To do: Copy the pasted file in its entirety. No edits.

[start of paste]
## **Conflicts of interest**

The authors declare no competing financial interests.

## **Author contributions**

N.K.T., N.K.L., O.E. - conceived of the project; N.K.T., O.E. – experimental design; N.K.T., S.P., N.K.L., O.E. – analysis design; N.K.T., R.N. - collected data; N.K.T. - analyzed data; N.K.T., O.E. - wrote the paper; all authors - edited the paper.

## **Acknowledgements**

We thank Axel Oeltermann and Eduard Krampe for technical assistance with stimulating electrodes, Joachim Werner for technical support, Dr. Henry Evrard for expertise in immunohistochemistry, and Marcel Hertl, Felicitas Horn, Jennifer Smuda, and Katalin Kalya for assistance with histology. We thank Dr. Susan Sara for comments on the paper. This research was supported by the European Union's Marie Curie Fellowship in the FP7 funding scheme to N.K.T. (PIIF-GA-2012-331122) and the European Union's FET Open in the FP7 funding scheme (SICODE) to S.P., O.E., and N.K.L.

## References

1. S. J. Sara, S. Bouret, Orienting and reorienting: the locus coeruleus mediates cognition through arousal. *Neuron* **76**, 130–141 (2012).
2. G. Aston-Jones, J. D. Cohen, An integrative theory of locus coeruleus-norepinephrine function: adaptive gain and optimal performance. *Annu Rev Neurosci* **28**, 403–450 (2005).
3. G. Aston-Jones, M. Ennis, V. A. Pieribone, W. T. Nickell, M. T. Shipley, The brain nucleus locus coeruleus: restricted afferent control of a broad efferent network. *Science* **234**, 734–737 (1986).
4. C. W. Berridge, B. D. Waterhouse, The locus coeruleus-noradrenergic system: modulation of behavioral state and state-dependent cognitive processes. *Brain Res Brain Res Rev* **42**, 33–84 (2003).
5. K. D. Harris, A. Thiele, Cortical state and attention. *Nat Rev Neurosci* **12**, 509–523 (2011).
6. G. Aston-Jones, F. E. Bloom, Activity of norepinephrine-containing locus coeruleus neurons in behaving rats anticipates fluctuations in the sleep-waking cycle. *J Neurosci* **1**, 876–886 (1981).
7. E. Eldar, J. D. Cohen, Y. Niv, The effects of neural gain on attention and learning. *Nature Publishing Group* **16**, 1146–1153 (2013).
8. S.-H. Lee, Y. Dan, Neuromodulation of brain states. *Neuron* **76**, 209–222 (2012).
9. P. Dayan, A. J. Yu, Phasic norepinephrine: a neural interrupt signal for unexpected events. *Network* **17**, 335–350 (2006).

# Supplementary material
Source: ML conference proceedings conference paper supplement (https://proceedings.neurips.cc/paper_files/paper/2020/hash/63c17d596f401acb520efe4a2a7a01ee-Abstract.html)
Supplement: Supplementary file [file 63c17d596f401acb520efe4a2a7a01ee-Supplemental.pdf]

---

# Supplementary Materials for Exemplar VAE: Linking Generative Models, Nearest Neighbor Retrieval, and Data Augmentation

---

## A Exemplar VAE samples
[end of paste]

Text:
## **Conflicts of interest**

The authors declare no competing financial interests.

## **Author contributions**

N.K.T., N.K.L., O.E. - conceived of the project; N.K.T., O.E. – experimental design; N.K.T., S.P., N.K.L., O.E. – analysis design; N.K.T., R.N. - collected data; N.K.T. - analyzed data; N.K.T., O.E. - wrote the paper; all authors - edited the paper.

## **Acknowledgements**

We thank Axel Oeltermann and Eduard Krampe for technical assistance with stimulating electrodes, Joachim Werner for technical support, Dr. Henry Evrard for expertise in immunohistochemistry, and Marcel Hertl, Felicitas Horn, Jennifer Smuda, and Katalin Kalya for assistance with histology. We thank Dr. Susan Sara for comments on the paper. This research was supported by the European Union's Marie Curie Fellowship in the FP7 funding scheme to N.K.T. (PIIF-GA-2012-331122) and the European Union's FET Open in the FP7 funding scheme (SICODE) to S.P., O.E., and N.K.L.

## References

1. S. J. Sara, S. Bouret, Orienting and reorienting: the locus coeruleus mediates cognition through arousal. *Neuron* **76**, 130–141 (2012).
2. G. Aston-Jones, J. D. Cohen, An integrative theory of locus coeruleus-norepinephrine function: adaptive gain and optimal performance. *Annu Rev Neurosci* **28**, 403–450 (2005).
3. G. Aston-Jones, M. Ennis, V. A. Pieribone, W. T. Nickell, M. T. Shipley, The brain nucleus locus coeruleus: restricted afferent control of a broad efferent network. *Science* **234**, 734–737 (1986).
4. C. W. Berridge, B. D. Waterhouse, The locus coeruleus-noradrenergic system: modulation of behavioral state and state-dependent cognitive processes. *Brain Res Brain Res Rev* **42**, 33–84 (2003).
5. K. D. Harris, A. Thiele, Cortical state and attention. *Nat Rev Neurosci* **12**, 509–523 (2011).
6. G. Aston-Jones, F. E. Bloom, Activity of norepinephrine-containing locus coeruleus neurons in behaving rats anticipates fluctuations in the sleep-waking cycle. *J Neurosci* **1**, 876–886 (1981).
7. E. Eldar, J. D. Cohen, Y. Niv, The effects of neural gain on attention and learning. *Nature Publishing Group* **16**, 1146–1153 (2013).
8. S.-H. Lee, Y. Dan, Neuromodulation of brain states. *Neuron* **76**, 209–222 (2012).
9. P. Dayan, A. J. Yu, Phasic norepinephrine: a neural interrupt signal for unexpected events. *Network* **17**, 335–350 (2006).

# Supplementary material
Source: ML conference proceedings conference paper supplement (https://proceedings.neurips.cc/paper_files/paper/2020/hash/63c17d596f401acb520efe4a2a7a01ee-Abstract.html)
Supplement: Supplementary file [file 63c17d596f401acb520efe4a2a7a01ee-Supplemental.pdf]

---

# Supplementary Materials for Exemplar VAE: Linking Generative Models, Nearest Neighbor Retrieval, and Data Augmentation

---

## A Exemplar VAE samples